Anyhoo, to my point. It seems to me that this particular brand of roleplaying One-True-Wayism (OTW Ultra-Immersion Theory… hmm, that has a nice ring to it… OTWUIT - crap acronym though); anyhoo, this UIT strikes me as fallacious on 2 counts:
  1. It is psychologically implausible- for the players
  2. It is psychologically implausible- for the PC’s.
Is that too cute? I don’t know. I’ll take these in turn, as is my wont.

Impossible demands on players
In essence this is not a complicated matter: it is psychologically impossible to erect an impermeable mental barrier between your own setting/system knowledge, on the one hand; and your PC’s notional self-consciousness, on the other. To attempt to do so is frankly barking; to succeed would be quite literally schizoid.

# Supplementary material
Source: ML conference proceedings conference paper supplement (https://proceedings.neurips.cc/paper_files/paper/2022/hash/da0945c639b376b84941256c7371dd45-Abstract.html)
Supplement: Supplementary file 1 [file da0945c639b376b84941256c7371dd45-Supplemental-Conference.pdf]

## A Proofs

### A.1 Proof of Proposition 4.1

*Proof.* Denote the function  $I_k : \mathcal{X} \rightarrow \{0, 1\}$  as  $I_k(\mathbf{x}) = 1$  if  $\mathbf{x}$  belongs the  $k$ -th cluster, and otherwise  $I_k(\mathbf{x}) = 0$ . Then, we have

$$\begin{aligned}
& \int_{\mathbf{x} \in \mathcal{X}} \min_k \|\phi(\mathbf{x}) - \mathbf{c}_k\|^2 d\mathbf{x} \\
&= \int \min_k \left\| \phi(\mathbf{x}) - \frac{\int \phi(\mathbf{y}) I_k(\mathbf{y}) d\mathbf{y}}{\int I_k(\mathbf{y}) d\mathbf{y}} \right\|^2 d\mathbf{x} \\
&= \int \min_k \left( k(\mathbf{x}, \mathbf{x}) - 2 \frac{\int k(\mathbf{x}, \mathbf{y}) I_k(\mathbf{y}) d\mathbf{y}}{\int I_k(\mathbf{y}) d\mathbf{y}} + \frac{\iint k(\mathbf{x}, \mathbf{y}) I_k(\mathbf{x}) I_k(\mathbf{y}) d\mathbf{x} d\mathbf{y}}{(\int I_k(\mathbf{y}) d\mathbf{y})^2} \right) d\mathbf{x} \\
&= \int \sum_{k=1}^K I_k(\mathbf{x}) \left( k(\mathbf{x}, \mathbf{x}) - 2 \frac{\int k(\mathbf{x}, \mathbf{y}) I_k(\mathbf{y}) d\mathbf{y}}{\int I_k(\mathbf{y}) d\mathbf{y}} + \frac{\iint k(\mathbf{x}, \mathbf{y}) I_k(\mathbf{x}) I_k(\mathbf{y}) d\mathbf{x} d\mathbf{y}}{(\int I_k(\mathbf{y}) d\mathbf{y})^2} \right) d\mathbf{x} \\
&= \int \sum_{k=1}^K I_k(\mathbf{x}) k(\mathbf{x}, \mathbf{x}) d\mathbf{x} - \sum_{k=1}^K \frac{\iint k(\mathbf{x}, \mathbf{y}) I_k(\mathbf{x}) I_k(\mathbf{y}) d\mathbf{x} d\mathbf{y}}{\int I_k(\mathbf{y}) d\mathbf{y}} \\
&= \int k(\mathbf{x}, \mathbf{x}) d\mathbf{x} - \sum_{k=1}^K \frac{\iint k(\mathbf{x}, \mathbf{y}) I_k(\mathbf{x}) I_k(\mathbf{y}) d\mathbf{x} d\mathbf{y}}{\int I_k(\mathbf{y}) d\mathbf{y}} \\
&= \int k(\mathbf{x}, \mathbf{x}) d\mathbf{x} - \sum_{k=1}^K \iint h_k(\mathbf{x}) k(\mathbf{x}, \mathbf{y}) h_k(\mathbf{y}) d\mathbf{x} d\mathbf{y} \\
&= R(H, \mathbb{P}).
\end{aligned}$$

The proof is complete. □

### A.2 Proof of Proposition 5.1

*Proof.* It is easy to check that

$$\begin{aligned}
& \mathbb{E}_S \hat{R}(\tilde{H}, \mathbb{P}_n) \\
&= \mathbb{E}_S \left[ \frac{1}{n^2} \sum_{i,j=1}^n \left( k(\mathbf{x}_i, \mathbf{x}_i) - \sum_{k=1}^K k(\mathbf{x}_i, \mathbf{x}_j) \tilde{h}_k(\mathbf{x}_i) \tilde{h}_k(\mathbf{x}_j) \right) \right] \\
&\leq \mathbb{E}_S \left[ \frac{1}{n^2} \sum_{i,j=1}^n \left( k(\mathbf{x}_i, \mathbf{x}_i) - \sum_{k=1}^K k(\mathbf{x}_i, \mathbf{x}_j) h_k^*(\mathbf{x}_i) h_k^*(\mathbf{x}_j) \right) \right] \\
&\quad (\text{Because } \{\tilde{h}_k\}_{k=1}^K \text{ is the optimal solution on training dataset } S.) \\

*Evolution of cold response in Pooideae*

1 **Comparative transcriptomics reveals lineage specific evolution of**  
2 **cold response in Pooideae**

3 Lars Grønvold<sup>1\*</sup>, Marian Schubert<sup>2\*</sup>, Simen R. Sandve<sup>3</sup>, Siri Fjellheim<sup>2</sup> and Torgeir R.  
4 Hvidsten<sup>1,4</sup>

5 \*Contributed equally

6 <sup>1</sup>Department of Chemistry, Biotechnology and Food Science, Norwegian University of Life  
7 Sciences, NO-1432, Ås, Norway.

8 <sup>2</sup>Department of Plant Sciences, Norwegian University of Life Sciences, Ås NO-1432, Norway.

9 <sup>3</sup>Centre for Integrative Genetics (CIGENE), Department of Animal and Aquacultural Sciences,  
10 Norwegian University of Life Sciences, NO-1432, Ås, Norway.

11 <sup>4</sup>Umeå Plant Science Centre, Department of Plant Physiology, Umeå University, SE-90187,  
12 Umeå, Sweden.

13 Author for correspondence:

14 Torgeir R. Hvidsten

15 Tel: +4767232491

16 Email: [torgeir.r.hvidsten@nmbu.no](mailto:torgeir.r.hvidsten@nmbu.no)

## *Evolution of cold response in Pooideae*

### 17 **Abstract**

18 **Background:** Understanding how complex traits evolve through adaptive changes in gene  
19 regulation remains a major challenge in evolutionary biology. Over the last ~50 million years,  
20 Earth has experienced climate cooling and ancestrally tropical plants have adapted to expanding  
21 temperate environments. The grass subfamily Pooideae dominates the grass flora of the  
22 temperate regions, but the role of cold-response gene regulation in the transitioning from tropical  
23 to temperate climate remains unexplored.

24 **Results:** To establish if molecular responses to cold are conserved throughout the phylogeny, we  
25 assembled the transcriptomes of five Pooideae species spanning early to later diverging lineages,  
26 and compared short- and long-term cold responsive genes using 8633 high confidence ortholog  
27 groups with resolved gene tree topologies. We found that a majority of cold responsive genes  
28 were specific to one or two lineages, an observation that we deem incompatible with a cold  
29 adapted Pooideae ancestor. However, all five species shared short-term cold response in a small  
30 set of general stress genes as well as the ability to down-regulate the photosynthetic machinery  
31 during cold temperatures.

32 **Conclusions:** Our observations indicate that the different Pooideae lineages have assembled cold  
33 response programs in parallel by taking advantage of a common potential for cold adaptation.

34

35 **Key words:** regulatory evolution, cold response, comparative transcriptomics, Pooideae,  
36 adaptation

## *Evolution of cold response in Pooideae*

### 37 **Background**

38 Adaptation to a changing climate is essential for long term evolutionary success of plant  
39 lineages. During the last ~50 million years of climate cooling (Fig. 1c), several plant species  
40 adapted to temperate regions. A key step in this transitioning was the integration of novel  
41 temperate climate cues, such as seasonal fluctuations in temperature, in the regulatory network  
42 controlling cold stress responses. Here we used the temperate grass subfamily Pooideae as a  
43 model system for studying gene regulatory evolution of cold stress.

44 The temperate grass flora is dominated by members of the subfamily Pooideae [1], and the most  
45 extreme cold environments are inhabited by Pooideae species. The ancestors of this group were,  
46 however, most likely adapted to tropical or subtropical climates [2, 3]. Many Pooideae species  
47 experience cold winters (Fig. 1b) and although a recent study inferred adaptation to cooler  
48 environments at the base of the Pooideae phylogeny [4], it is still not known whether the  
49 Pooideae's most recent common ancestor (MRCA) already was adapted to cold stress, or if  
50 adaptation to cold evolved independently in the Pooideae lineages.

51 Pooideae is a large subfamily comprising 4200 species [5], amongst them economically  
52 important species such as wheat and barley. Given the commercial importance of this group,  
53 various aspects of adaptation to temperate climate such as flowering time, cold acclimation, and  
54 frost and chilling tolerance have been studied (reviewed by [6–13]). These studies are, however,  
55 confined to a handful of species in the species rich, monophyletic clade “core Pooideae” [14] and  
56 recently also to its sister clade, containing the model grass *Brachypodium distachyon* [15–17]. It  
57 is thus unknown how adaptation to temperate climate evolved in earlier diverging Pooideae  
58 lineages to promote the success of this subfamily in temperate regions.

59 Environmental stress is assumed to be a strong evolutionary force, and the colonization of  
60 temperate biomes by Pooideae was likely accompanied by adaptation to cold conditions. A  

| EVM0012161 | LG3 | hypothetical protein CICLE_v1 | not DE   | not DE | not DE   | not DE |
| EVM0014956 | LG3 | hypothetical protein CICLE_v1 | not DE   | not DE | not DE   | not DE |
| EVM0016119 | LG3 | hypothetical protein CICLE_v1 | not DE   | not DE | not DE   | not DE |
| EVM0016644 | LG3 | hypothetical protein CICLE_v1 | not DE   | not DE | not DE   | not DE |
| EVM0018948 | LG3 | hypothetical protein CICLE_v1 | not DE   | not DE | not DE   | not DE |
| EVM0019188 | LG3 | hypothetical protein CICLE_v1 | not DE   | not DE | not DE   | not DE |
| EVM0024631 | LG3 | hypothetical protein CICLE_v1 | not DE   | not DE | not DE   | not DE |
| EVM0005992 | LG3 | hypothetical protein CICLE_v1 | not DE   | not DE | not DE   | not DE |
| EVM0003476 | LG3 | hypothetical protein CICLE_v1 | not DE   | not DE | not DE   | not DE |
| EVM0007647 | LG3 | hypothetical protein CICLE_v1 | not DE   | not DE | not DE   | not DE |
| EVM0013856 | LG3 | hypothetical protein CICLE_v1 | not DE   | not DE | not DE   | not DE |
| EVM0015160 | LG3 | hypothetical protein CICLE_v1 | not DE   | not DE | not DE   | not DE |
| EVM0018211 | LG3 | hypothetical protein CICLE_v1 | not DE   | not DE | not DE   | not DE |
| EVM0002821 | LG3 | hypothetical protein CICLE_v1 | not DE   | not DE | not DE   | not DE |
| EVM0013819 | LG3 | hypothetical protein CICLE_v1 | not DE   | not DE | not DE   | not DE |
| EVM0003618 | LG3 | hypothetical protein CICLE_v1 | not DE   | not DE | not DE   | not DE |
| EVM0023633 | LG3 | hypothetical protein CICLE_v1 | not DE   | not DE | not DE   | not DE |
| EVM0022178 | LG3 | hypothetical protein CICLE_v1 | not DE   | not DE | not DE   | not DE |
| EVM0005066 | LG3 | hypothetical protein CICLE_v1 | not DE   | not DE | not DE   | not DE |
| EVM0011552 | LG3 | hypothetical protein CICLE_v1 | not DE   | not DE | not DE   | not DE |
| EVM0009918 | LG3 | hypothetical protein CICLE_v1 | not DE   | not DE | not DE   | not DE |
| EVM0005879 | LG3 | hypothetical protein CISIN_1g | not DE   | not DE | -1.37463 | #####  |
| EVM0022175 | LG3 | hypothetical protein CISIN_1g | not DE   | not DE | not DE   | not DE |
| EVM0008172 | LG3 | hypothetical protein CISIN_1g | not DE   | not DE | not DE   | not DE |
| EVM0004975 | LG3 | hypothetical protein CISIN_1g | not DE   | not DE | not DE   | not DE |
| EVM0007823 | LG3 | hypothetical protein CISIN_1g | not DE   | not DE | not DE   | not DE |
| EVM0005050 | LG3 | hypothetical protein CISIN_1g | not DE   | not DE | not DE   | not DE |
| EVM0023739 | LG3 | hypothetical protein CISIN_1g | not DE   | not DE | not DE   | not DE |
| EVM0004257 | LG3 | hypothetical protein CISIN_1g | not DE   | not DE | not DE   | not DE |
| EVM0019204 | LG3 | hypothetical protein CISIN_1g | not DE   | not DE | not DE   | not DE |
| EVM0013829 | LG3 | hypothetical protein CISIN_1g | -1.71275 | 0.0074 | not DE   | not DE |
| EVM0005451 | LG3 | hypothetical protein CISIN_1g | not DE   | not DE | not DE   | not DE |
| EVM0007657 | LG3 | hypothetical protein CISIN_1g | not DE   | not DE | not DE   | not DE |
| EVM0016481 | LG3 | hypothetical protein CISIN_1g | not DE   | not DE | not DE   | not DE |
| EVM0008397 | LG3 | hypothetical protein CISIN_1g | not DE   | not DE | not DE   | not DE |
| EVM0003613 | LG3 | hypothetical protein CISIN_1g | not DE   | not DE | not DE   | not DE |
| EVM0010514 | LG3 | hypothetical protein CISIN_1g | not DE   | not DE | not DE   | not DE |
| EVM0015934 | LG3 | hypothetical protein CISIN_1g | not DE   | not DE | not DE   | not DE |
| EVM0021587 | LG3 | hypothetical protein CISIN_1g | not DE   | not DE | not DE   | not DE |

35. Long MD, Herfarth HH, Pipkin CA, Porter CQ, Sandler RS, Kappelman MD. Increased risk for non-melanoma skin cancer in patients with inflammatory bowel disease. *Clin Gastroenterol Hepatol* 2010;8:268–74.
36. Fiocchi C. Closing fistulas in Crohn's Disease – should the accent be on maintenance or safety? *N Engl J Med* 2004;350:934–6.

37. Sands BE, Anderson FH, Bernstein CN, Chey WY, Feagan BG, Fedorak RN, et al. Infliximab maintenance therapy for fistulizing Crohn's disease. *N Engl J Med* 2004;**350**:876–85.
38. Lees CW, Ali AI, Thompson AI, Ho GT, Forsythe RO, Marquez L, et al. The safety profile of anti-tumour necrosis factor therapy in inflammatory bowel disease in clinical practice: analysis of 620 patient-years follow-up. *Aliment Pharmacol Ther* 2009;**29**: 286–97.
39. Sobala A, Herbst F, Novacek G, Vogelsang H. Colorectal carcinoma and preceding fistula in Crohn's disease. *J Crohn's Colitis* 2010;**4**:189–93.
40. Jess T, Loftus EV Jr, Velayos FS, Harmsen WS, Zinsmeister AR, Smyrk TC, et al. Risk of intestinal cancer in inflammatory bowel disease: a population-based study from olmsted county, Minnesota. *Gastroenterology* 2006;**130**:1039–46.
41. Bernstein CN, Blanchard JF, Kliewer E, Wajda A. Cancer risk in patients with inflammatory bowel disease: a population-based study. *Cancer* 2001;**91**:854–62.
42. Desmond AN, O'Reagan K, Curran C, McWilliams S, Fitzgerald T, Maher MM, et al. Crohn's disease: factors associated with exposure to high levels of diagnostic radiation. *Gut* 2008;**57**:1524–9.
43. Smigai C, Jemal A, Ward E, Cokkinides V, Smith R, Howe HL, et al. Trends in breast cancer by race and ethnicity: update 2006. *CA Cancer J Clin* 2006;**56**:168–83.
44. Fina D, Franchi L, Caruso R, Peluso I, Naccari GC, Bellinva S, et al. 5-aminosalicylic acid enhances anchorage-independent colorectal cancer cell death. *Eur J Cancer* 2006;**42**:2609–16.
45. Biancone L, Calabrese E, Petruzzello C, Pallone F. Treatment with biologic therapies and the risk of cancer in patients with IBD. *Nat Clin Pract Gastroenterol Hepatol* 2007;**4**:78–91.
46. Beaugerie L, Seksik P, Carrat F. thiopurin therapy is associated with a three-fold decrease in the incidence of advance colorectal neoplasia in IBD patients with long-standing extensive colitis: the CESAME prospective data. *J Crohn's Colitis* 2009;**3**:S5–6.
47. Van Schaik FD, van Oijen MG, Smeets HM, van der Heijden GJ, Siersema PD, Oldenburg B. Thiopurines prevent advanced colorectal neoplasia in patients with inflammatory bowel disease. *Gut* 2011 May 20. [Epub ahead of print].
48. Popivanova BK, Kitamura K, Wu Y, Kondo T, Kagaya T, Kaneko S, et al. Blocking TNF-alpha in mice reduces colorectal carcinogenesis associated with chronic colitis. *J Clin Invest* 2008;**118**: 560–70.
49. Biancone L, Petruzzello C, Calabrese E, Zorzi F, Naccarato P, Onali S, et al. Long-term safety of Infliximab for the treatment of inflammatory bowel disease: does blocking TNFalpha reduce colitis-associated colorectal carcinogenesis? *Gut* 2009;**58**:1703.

Moreover: GM’s make use of precisely this kind of knowledge, if they are any good at their jobs; eg. designing NPC’s tweaked to a given PC’s weaknesses. If this is fair- indeed: to be expected- as GM, why should the exact same mode of play be considered intrinsically unfair as PC?

This is to begin to home in on the gist of my dislike of this stance. What I mean to say is this: even if a hardline application of UIT weren’t to reach genuinely psychotic extremes, it strikes me that it would be the kiss of death to enjoyable roleplaying in any event. Why do I say this? Because it invites- if not actually requires- players to become their very own ‘thought police’, in the service of their very own ‘Big Brother’- the exact opposite of free creative expression in other words. That this is to take place in the pursuit of a psychologically impossible goal strikes me as a somewhat disturbing addendum to thinking that is, in the end, really rather counter-productive.

Part of what I mean to say here falls under the next topic. The other part is this: if, as I argue, this UIT is indeed psychologically impossible, then why get so twisted up over player use of non-PC knowledge? Just like anything else that is inevitable in roleplaying, good players- be they GM or PC- will simply take it for granted, and exploit it for maximum entertainment value.

Hamstringing PC’s